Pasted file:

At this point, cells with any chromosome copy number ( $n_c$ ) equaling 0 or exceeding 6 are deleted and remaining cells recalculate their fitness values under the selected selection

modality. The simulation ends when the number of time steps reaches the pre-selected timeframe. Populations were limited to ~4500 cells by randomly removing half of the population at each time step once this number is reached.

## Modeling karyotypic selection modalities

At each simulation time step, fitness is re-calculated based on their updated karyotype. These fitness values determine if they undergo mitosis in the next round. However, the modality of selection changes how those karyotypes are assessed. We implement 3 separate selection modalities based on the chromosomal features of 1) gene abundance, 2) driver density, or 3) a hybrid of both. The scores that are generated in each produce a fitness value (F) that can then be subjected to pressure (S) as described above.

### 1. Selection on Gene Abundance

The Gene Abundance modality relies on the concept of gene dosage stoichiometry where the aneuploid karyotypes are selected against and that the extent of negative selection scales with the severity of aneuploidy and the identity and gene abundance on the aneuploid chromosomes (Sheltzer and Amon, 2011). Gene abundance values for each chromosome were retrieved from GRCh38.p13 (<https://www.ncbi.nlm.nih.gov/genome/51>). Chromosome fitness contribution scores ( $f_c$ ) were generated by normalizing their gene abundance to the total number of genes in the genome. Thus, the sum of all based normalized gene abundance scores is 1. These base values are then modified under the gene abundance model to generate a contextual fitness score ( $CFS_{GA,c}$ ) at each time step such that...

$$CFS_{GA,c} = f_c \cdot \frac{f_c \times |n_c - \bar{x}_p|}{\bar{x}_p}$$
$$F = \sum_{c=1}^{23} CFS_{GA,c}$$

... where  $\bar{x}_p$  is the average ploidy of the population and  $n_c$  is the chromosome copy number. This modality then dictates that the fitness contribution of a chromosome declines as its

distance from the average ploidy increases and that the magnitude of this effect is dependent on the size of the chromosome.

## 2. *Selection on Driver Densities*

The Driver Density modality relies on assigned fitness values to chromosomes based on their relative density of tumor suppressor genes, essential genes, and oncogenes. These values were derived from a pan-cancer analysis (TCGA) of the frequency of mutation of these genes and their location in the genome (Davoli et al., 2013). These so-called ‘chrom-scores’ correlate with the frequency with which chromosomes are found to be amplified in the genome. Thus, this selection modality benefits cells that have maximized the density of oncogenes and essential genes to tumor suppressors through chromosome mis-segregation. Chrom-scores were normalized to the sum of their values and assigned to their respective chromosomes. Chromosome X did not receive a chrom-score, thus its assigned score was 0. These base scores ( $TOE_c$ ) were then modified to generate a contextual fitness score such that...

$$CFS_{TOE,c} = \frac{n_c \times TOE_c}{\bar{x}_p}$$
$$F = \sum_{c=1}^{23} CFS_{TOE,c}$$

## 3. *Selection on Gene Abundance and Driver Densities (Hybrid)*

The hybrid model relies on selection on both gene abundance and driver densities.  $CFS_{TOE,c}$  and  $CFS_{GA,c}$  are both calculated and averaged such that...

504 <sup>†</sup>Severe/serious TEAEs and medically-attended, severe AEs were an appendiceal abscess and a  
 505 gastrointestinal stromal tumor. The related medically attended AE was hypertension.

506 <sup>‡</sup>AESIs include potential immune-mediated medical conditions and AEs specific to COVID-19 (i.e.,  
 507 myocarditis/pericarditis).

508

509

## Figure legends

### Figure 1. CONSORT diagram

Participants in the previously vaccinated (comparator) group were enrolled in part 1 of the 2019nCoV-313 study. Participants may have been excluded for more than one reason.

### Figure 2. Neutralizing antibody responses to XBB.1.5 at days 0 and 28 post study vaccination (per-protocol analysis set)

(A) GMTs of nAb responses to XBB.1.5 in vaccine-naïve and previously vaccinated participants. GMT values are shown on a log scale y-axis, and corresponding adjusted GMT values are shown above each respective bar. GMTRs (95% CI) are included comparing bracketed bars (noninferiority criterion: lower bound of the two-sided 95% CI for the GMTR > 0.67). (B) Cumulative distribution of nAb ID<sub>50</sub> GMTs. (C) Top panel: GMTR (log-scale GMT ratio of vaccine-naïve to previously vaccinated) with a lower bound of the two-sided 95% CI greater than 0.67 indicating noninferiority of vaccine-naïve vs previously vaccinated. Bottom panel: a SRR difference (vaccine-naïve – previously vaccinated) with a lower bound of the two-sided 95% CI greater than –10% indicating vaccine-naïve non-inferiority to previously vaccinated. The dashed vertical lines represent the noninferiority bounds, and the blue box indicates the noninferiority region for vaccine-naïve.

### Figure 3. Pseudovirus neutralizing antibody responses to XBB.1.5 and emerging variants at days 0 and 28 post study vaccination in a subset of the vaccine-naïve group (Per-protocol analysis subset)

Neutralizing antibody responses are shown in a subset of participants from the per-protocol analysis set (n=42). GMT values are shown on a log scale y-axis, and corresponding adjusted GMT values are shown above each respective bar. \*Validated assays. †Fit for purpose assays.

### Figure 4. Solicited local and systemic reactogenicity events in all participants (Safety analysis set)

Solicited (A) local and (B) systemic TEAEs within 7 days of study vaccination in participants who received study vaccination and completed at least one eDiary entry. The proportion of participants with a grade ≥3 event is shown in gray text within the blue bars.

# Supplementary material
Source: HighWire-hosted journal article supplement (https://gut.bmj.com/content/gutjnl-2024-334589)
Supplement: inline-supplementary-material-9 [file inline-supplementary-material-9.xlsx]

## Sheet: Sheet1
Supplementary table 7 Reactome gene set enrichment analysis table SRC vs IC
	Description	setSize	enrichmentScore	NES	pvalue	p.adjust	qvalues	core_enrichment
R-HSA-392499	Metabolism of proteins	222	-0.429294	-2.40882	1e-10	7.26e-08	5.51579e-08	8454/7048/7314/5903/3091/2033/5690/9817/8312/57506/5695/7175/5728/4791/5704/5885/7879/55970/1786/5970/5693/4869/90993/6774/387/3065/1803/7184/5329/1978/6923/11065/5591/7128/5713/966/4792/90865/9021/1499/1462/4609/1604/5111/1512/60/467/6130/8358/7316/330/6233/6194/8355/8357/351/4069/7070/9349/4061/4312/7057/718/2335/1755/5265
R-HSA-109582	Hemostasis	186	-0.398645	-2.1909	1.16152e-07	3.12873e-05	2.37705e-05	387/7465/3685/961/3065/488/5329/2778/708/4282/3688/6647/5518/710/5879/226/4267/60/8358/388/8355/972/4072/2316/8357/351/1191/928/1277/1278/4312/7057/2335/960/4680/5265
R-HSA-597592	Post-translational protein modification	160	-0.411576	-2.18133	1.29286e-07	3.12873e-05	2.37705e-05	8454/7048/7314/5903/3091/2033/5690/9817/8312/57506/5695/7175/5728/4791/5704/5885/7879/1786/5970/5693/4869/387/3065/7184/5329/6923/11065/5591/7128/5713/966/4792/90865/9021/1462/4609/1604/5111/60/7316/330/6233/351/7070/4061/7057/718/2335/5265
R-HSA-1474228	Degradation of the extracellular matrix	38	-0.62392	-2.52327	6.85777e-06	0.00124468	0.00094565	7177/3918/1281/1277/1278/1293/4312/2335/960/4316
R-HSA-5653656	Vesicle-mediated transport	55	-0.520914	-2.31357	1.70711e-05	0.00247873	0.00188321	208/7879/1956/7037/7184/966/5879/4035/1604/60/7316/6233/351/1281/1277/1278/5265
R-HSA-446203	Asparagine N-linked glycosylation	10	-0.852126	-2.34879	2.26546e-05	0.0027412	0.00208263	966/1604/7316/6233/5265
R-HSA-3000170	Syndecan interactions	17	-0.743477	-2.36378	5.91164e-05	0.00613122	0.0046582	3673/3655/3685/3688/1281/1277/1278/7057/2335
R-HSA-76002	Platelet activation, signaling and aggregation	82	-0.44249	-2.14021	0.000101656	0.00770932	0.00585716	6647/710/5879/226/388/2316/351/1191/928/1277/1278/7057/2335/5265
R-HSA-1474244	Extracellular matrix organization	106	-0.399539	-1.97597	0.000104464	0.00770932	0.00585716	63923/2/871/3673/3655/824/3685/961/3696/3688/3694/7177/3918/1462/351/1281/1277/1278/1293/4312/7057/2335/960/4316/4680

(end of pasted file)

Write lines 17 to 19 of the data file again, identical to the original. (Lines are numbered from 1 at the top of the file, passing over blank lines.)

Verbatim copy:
504 <sup>†</sup>Severe/serious TEAEs and medically-attended, severe AEs were an appendiceal abscess and a  
 505 gastrointestinal stromal tumor. The related medically attended AE was hypertension.

506 <sup>‡</sup>AESIs include potential immune-mediated medical conditions and AEs specific to COVID-19 (i.e.,  